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Things to Consider When Divesting

Are You Really Good at Everything?

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Monro Inc. CEO Michael Broderick "must have looked at the various segments Monro was in and concluded that the wholesale tire division was not core to the company’s business," says McGregor.

| Photo Credit: Monro Inc.

This MTD exclusive was provided by Michael McGregor, a partner at Focus Investment Banking LLC (focusbankers.com/ automotive/tire-and-service) and author of MTD's monthly Mergers and Acquisitions column.

A friend at Monro Inc. asked me last year if I could name one company that was in retail, commercial and wholesale tires and excelled at all three. 

Fast forward to this past June, when Monro sold its wholesale tire operations to American Tire Distributors Inc. (ATD) for $105 million and entered into a long-term agreement that will see ATD supply tires to the stores in Monro’s retail network.

It was smart of Michael Broderick, Monro’s CEO, to make this deal early in his tenure. He must have looked at the various segments Monro was in and concluded that the wholesale tire division was not core to the company’s business.

Making this decision early allows him to free up resources, focus his team on Monro’s core retail business and with the ATD deal, improve tire deliveries, reduce costs and drive long-term value. He’s clearly putting his stamp on the business and preparing it for more store conversions from auto service to tires.

Publicly traded companies face challenges that many privately owned companies don’t have in that there are all sorts of “activist” shareholders who invest in public companies to force change, like Ides Capital, an investor that’s pushing Monro for a strategic review.

Activist shareholders look for inefficient balance sheets, stalled growth, unclear strategy and questionable investment decisions. Publicly traded company CEOs need to keep one eye out for these shareholders and sometimes make pre-emptive divestments to keep the business on the best path.

Privately held companies don’t face the same outside pressure as publicly traded companies, but they also can benefit from a periodic review of their portfolio of businesses.

There are tire dealerships of all sizes that have a nice chain of retail stores, but profitability could be dragged down by a wholesale division that loses money. When one adds in the cost of carrying tire inventory and today’s higher fuel costs, the profit picture sometimes looks even worse for them. And we’ve all seen great retail tire companies with unprofitable commercial divisions or large commercial tire dealerships with a sprinkling of break-even retail stores.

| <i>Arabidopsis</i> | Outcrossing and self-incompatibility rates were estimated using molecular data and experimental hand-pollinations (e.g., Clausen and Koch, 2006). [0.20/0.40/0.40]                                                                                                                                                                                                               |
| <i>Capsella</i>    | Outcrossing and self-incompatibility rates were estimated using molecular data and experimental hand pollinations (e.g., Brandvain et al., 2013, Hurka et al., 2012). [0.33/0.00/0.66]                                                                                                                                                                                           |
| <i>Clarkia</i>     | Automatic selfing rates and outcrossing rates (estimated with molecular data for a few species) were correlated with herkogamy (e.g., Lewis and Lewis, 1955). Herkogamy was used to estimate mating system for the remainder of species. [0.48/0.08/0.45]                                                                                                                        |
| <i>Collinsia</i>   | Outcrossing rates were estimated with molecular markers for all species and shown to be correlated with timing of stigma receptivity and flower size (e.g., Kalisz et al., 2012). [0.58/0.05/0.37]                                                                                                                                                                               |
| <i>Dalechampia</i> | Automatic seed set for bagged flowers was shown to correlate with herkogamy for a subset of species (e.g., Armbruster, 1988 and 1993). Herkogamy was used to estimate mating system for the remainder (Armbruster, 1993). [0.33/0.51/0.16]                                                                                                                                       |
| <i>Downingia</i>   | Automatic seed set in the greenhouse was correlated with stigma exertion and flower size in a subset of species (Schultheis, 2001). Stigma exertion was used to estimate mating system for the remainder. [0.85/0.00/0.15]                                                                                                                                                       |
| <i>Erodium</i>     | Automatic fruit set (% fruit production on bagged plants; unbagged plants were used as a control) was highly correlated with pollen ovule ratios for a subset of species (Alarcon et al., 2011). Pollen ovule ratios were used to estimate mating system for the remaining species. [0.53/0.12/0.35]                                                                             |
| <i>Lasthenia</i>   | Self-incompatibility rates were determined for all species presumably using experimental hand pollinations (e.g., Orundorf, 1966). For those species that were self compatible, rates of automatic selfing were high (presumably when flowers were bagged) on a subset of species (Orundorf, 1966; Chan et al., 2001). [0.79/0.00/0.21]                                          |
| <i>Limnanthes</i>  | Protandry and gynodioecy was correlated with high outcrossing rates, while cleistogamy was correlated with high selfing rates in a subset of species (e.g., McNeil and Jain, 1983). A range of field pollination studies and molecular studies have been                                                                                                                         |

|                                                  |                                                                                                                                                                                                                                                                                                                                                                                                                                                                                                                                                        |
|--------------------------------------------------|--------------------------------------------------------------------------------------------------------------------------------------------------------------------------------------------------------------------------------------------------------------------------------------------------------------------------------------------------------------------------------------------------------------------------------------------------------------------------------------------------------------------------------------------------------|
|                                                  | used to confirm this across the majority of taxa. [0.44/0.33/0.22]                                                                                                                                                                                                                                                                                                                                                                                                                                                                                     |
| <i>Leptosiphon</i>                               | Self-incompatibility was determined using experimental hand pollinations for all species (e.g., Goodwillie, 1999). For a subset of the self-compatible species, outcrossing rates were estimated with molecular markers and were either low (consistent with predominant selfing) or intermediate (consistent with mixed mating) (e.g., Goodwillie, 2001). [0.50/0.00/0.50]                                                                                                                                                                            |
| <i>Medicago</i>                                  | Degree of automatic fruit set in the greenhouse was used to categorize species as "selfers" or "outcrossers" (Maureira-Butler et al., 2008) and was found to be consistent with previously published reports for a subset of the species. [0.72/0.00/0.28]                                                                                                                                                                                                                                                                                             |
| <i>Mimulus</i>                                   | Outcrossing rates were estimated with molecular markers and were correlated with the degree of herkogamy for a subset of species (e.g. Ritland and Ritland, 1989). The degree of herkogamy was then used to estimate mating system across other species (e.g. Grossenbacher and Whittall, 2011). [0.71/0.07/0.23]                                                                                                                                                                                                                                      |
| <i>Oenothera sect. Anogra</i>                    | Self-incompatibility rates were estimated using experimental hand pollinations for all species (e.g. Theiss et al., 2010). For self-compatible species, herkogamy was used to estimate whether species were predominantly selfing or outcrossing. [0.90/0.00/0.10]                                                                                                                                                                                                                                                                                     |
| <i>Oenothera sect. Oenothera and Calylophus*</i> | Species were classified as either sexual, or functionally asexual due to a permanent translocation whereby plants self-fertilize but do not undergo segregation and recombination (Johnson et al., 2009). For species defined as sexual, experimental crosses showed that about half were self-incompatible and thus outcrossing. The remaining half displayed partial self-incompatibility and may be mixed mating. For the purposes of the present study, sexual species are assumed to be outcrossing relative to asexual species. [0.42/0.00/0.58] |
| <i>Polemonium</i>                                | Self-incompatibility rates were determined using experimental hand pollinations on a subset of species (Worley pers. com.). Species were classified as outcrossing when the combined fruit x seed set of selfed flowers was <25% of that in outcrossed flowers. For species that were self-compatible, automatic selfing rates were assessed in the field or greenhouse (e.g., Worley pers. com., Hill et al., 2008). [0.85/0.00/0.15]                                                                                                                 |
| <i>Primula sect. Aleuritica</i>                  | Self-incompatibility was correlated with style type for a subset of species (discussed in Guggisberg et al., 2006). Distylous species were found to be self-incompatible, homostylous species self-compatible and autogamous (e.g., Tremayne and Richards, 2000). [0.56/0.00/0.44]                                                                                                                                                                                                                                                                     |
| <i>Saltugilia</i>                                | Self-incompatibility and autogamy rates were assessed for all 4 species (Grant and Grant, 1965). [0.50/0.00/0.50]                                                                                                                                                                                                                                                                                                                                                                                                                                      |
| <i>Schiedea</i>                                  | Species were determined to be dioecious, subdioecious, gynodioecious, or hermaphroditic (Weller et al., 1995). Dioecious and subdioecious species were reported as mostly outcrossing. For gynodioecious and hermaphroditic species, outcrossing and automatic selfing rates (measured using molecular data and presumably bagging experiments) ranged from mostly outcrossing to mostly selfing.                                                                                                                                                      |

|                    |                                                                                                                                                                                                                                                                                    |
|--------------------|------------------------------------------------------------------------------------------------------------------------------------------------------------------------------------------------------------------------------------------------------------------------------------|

It’s pretty clear that each segment - retail, wholesale and commercial - requires different core competencies to be successful. Retail is a people-and-process business. With wholesale, you better be great at logistics. And to survive and grow long-term in commercial tires, you better be good at making yourself indispensable to your tire supplier of choice - and to your customers. 

The tire industry is changing faster than ever, so every company needs to analyze its strategy and determine how its business fits with that strategy. Consider how segments fit with your company’s overall vision and mission, how they stack up against competitors and how your dealership’s competencies and financial strength match up to the challenges ahead. Next, look at underlying business trends and long-term growth outlook.

Analyzing return on assets employed is one way of determining the relative return one is getting. It’s calculated by taking the net income of a business segment - be sure to fully allocate a fair share of corporate overhead - and dividing that by the assets employed in the business segment. Other metrics to consider are: 

a. the cash generated by each segment and whether it’s worth the effort;

b. projected profitability, and;

c. expected revenue growth.

If it is determined the business segment is no longer a fit, consider whether divesting it as a going concern or selling off those assets makes sense.

One of the benefits that may come from divestment is freeing up capital to invest in higher-growth businesses. Or maybe you can use the cash to invest in technology to improve the customer experience? Perhaps your company can enter into new geographies? Certainly many companies end up financially stronger, reenergized and more focused after divestment.

Most companies wait too long to divest non-core divisions. Inertia must be one reason. Or perhaps there is disagreement among owners and senior management in a family-owned business? This is where hiring outside advisers or strategy consultants may make some sense.

In every case, it’s always better to sell when your business is healthy and before it really slides. Depending on the size and profitability of a carve-out, private equity firms may be interested, but certainly strategics are good buyer candidates.

A divestment can be disruptive to an organization and cause anxiety among employees. And you certainly don’t want competitors finding out. I always advise keeping the decision to divest extremely confidential until a deal is done.

After it’s announced, communicate regularly with customers. Keep key employees motivated and incentivized through the period of uncertainty. And make sure that the going forward vision is clearly communicated often.

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